The recently published book, “In This Together” was the subject of Day 5 at City Hall School and included various discussions surrounding issues of truth and reconciliation in Canada. In the evening, Pecha Kucha Night at the downtown Citadel Theatre focused on looking into Canada’s next 150 years – engaging youth, sustaining the environment and building a diverse and inclusive nation as well as reconciliation processes.

Friday, June 2, opened one’s eyes to matters of reconciliation in education, with a presentation about Metis Children in Residential Schools. This was followed by what has become an annual Reconciliation Walk, starting from the Public School Board Building on Kingsway Avenue and travelling to Sacred Heart Centre for a brief gathering before proceeding on to City Hall for some speeches by officials and a civic proclamation celebration commemorating reconciliation.

When the walkers were marching past Victoria School dozens of youth sporting orange reconciliation-colored t-shirts lined the sidewalk and shared smiles, cheering, “thank you,” and high-fives!

EPSB Superintendent Darrell Robertson committed to furthering the cause of reconciliation.

Edmonton’s Public-School superintendent, Darrell Robertson, informed the gathering that his department is committed to furthering the cause of reconciliation and assured those in attendance that what transpired in the residential schools and the consequences of that system is being addressed by today’s education departments and incorporates inclusion in the education curricula.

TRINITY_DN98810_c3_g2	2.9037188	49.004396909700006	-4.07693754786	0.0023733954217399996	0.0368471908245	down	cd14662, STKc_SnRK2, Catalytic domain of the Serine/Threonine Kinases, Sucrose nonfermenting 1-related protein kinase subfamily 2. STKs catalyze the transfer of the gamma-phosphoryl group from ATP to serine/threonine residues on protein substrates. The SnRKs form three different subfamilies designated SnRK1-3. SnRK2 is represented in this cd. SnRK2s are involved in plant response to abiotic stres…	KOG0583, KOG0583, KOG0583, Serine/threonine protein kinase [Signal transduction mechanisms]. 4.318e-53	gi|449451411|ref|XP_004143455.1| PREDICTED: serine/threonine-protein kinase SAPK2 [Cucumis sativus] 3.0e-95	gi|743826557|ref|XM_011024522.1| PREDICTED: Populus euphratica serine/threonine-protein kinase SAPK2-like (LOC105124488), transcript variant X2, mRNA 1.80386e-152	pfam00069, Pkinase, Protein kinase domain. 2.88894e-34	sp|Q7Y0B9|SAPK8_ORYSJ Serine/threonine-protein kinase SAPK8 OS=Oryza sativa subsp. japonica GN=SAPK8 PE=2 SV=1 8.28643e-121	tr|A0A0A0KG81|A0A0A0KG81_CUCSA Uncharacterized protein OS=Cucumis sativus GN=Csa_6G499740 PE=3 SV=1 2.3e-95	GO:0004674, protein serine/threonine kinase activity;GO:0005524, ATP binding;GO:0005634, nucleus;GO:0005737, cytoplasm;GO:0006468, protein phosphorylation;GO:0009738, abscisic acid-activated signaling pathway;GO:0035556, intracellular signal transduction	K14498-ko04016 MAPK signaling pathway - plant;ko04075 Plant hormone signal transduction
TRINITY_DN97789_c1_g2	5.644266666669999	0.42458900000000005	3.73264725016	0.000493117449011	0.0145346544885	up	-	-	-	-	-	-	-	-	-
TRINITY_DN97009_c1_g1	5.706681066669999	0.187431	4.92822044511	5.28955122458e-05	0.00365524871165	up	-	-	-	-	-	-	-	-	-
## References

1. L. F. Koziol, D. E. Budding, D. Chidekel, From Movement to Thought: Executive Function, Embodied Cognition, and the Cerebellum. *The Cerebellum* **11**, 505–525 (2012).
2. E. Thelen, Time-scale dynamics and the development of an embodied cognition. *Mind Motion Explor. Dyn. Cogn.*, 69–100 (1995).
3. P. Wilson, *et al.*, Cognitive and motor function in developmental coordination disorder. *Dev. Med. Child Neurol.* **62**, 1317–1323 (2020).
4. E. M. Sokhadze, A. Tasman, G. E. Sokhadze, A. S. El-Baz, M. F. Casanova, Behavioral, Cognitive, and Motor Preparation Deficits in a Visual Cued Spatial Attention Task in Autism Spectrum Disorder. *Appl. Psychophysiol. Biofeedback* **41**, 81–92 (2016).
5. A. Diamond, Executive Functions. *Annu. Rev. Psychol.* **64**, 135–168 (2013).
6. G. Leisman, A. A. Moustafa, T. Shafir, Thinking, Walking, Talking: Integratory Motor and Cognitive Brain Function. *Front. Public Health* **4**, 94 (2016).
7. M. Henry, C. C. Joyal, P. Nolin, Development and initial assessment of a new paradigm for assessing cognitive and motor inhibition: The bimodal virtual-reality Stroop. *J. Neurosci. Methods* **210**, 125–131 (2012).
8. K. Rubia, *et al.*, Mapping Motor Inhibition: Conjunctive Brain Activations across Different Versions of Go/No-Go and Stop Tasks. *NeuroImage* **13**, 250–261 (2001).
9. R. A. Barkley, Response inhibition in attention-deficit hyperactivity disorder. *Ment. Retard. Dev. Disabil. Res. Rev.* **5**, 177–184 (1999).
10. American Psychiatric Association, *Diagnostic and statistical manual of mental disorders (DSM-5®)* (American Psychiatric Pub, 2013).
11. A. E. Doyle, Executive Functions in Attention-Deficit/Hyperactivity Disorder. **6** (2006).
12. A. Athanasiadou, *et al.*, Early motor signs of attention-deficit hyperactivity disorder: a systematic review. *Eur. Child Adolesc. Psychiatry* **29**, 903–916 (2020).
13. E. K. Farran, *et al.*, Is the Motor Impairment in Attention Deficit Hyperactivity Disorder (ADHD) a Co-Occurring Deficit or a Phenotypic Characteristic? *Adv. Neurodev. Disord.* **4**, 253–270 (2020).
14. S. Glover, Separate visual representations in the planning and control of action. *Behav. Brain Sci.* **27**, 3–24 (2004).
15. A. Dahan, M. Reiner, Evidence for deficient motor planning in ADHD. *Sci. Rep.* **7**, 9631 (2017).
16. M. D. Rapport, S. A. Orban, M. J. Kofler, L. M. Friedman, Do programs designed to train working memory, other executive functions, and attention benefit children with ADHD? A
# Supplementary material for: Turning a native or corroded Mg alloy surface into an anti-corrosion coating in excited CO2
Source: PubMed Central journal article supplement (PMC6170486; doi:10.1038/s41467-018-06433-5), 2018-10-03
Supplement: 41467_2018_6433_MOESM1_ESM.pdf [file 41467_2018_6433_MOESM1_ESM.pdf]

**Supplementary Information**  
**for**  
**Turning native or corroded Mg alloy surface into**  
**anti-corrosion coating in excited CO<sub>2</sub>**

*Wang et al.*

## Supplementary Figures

On arrival at Sacred Heart, Elder Betty Letendre opened with a prayer, Sarah Wolfe sang the Metis National Anthem and Lorne Gladu, president of Zone 4 of the Metis Nation offered greetings on behalf of the Metis Nation of Alberta. Last but not least, Solange Lalonde of Rupertsland Institute did a short presentation on Metis heritage.

On the final day, June 3rd, a “blanket exercise” was conducted at the Federal Building Plaza in downtown Edmonton that witnessed a blending of Aboriginals and non-Aboriginal participants of all ages mix and mingle while learning about the legacy of residential schools and the traumatic impacts of a system that went dreadfully wrong.

Overall, the week-long events opened eyes, opened minds, opened hearts and brought people together in such a manner as to encourage, promote and foster awareness and understanding of reconciliation as an important process.

The positive focus has definitely been a consequence of the reconciliation efforts by the TRC and supporting groups, organizations and services throughout the country.

A primary objective, of course, is the bridging of races and cultures throughout Edmonton, the province of Alberta and the nation we call Canada, our home and “Native” land.

It should also be mentioned that Reconciliation Week was preceded on May 18 by a day-long conference entitled ‘What’s so funny about Reconciliation.’ Sponsored by the Creating Hope Society of Alberta, the gathering brought together Elders and seniors from both the Aboriginal and non-Aboriginal community.